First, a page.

By Robin Kunst
Staff Writer

Ever since the pro-Western opposition gained the upper hand in Kiev, pro-Russian forces, which mainly did not participate in the Maidan rebellion, took over the airports and regional parliament in the eastern part of Ukraine. The developments of the last weeks have led to thinly veiled Russian military intervention. But why is Russia so eager to take control over the peninsula?

To answer that, it is important to understand the ties between Ukraine and Russia. Before the current conflict, Crimea was an autonomous region in Ukraine. Of the approximately two million people living there, 25 percent are Ukrainians and about 60 percent are Russian. The Crimean peninsula was part of Russia under the Soviet Union federation until Nikita Khrushchev made it part of his home – the former Socialistic Soviet Republic of Ukraine. Russia seems to have been regretting that mistake ever since.

Simply stated, the peninsula is strategically important for Russia. Russia’s main navel base in Sevastopol not only provides Russia’s navy access to the Black Sea but more importantly to the Mediterranean Sea, which the Kremlin is unwilling to leave in the sphere of influence of the EU and the U.S. Navy. Additionally, Crimea provides access to the unstable gulf region and the Middle East. Sevastopol harbors more than 2,500 warships and contains as many as 26,000 troops already. After the fall of the Soviet Union, Russia negotiated a deal that allowed Russian troops to stay stationed in Sevastopol until 2017 in exchange for lower prices on gas imported from Russia. Former President Yanukovych extended the lease agreement until 2042.

President Yanukovych’s flight presents Russia with the challenge of an unforeseeable future for this deal and its Black Sea Fleet. As a result, the Kremlin responded by sending 6,000 troops to Crimea. It is clear that the current developments in the region is perceived as a threat to Russia’s interests in the region. The Western integration of Ukraine is a slap in the face of Russian diplomacy. The opposition parties shift their attention now towards each other now that the common enemy is out of the picture. Ukraine is at the brink of civil war.

In a recent interview, President Vladimir Putin made clear that Yanukovych’s removal from office was unconstitutional and assured full support for the former Ukrainian president. This stance is only fueling the already fiery tensions that have ruled the country for months. The BBC assumes that the Crimea is becoming the lynchpin of a struggle between Ukraine’s new leaders and those loyal to Russia. As if the political struggle were not enough, the country faces financial hurdles and relies heavily on foreign aid, which Russia provided until recently. Ukraine needs $ 35 billion in the next two years to prevent default on its loans. Meanwhile, Russia has suspended the next installment of a $ 15 billion loan due to the ongoing political uncertainty. Ukraine’s financial predicament is an opportunity for Russia. The dependence on foreign aid makes it possible to build pressure and ensure that Russia will not lose its influence on Ukraine. However, the United States and the European Union are both working out financial aid packages that will limit this influence.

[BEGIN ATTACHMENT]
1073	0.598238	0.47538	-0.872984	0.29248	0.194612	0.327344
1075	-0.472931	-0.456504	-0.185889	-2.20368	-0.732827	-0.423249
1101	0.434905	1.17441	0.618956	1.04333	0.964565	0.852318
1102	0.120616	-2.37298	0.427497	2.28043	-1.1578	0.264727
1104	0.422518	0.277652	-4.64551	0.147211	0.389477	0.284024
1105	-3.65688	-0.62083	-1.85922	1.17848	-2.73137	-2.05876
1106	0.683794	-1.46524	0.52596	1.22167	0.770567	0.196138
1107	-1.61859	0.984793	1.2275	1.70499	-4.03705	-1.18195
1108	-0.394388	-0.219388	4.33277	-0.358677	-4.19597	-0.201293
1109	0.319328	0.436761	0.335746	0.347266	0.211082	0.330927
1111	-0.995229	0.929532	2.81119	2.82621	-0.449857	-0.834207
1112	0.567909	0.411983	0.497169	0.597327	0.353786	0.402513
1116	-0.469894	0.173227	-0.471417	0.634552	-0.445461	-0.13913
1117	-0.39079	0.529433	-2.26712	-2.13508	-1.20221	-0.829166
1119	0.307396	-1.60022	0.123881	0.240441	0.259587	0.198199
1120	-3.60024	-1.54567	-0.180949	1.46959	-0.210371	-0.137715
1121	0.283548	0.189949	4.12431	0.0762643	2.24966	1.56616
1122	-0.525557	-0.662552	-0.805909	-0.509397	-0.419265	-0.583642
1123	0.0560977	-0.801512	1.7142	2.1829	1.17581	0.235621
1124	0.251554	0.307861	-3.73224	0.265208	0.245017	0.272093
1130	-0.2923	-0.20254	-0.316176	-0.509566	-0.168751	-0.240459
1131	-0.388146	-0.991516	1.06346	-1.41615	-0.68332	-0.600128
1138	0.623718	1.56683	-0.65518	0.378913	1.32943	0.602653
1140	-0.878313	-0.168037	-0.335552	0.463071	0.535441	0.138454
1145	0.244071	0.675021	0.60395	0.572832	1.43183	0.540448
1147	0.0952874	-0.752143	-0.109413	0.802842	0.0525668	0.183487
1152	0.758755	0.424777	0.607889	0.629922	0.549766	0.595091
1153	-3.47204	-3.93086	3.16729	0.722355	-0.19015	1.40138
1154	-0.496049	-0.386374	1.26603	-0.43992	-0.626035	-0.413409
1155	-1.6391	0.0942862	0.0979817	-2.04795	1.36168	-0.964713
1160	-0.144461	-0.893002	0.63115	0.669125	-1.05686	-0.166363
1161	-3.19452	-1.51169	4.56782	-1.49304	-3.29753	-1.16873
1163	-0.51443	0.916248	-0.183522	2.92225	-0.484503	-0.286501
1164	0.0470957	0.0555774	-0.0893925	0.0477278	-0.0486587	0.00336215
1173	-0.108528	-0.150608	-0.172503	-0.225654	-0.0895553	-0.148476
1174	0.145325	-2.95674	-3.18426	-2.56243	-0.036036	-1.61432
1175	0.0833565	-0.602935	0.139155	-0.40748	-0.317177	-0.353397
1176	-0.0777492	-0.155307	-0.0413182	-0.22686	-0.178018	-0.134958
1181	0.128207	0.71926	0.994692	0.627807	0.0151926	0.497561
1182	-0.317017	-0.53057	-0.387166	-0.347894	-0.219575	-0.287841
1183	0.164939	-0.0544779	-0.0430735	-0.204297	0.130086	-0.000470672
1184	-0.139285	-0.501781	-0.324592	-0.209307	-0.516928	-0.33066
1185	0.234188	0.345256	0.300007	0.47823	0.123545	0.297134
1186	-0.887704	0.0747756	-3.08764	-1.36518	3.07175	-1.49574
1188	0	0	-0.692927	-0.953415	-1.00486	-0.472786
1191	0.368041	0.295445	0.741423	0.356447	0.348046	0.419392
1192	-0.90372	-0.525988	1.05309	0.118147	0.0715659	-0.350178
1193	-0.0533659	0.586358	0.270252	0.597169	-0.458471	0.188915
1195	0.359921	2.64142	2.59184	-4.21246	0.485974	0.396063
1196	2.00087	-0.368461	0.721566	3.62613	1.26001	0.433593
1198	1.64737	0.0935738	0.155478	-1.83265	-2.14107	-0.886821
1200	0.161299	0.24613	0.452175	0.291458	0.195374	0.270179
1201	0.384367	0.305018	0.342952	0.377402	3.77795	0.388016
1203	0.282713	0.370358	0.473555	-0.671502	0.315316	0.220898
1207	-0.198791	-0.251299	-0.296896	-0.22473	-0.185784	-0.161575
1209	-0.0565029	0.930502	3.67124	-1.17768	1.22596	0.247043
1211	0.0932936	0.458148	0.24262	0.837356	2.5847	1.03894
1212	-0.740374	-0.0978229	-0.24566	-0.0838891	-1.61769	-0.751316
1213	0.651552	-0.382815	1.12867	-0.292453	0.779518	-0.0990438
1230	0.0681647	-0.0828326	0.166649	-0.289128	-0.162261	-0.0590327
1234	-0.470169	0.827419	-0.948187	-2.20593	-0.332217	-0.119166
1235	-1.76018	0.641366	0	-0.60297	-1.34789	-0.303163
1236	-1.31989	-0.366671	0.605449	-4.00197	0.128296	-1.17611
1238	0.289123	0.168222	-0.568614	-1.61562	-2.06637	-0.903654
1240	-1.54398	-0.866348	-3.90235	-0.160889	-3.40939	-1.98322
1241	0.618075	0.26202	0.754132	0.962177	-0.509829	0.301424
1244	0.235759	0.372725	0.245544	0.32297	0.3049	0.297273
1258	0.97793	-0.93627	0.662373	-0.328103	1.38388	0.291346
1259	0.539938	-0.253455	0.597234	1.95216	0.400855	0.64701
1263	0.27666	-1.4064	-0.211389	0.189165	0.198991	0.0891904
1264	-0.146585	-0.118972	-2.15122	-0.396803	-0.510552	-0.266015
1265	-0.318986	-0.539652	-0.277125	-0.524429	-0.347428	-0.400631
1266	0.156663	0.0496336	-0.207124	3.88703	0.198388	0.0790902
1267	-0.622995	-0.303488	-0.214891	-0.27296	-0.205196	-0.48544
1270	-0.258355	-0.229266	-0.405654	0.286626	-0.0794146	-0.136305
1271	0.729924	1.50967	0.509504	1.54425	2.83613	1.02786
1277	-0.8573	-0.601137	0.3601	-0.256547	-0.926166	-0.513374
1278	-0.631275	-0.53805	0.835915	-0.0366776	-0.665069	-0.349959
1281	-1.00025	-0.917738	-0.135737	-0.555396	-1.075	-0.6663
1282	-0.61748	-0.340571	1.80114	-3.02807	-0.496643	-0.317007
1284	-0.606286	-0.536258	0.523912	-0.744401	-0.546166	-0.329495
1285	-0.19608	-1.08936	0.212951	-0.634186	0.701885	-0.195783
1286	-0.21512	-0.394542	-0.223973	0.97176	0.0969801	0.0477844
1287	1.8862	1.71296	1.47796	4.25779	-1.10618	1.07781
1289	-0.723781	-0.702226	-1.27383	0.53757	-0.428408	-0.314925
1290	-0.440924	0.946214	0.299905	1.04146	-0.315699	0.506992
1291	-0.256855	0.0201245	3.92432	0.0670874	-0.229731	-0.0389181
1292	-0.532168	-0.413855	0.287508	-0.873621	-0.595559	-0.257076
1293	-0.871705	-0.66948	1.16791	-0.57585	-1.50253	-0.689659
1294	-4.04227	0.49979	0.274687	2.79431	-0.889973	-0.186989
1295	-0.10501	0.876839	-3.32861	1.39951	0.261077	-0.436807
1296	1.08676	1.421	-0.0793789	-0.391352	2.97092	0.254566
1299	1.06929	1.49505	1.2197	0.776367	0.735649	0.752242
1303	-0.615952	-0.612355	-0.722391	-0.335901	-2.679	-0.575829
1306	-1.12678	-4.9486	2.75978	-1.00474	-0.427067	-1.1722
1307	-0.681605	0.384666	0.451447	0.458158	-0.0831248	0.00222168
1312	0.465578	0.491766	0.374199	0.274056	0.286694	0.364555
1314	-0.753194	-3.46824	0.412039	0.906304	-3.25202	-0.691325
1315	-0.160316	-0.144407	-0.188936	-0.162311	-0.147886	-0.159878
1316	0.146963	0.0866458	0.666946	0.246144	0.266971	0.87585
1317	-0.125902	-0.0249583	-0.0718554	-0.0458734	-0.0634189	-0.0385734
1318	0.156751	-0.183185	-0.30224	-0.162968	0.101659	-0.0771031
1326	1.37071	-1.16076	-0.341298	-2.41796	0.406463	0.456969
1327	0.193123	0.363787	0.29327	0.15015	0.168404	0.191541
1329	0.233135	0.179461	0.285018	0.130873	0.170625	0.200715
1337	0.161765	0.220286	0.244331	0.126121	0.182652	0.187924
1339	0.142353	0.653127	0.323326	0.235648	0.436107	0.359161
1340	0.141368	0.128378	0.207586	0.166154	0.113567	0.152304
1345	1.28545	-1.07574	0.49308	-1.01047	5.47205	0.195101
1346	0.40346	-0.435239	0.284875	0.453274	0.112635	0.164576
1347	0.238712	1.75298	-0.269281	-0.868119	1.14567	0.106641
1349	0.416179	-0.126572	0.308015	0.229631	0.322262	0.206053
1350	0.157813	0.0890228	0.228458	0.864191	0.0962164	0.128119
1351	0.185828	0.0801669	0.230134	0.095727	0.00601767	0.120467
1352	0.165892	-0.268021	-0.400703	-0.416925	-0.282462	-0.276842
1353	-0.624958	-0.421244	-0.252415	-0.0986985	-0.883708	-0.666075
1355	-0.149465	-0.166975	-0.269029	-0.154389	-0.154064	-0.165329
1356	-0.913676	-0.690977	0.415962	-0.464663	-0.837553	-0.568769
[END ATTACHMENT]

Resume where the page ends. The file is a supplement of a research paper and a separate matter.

Also, the International Monetary Fund is expected to negotiate and provide financial aid to the Ukrainian interim government. The EU had already held out the prospect of € 840 million in exchange for a free trade agreement earlier—part of what actually started the crisis. Due to the fragile situation, aid is expected to increase. Such an agreement would pave the way for the western integration of Ukraine, thereby weakening Russia’s hold over the country. It is doubtful that the Kremlin will stand by idly and watch its influence slip away.

According to Russian officials, soldiers have been sent to Crimea only to protect Russian citizens. What they need protection from, however, remains to be seen? Until recently, Russian was accepted as an official language in areas where the Russian speaking majority is at least 10 percent. While the interim government has overridden these laws, this action was taken mostly in response to Russian aggression. Regardless, the Kremlin argues that there is the possibility of more laws being passed that will discriminate against the Russian minority. Thus, Putin continues moving tanks and troops to Crimea.

Against this backdrop, the news of Putin receiving a nomination for the Nobel Peace Prize can seem almost laughably ironic. However, he and all of Russia will continue to play an important role in the future of Ukraine and can help prevent the country’s decent into violence. But for this to happen, Russia has to accept the demand of the majority of Ukrainians to integrate more into the EU. It will be a huge concession for Russia to loosen its grip on Ukraine, and so far Putin seems reluctant to do so.

Some hope lies with German Chancellor Angela Merkel, who many believe can influence Putin. So far, telephone calls between the two leaders have led to no new agreements. Merkel considers herself as part of the Western alliance and not as “neutral” negotiator. She will not travel to Moscow to negotiate or sway Putin unless she can be certain to return to the EU with a deal. In the meantime, Putin seems to encourage a political course that is stuck in the past, led by egomania and a craving for status. The political situation in Ukraine is a ticking time bomb and Putin holds the tools to defuse it.

Photo by World Economic Forum

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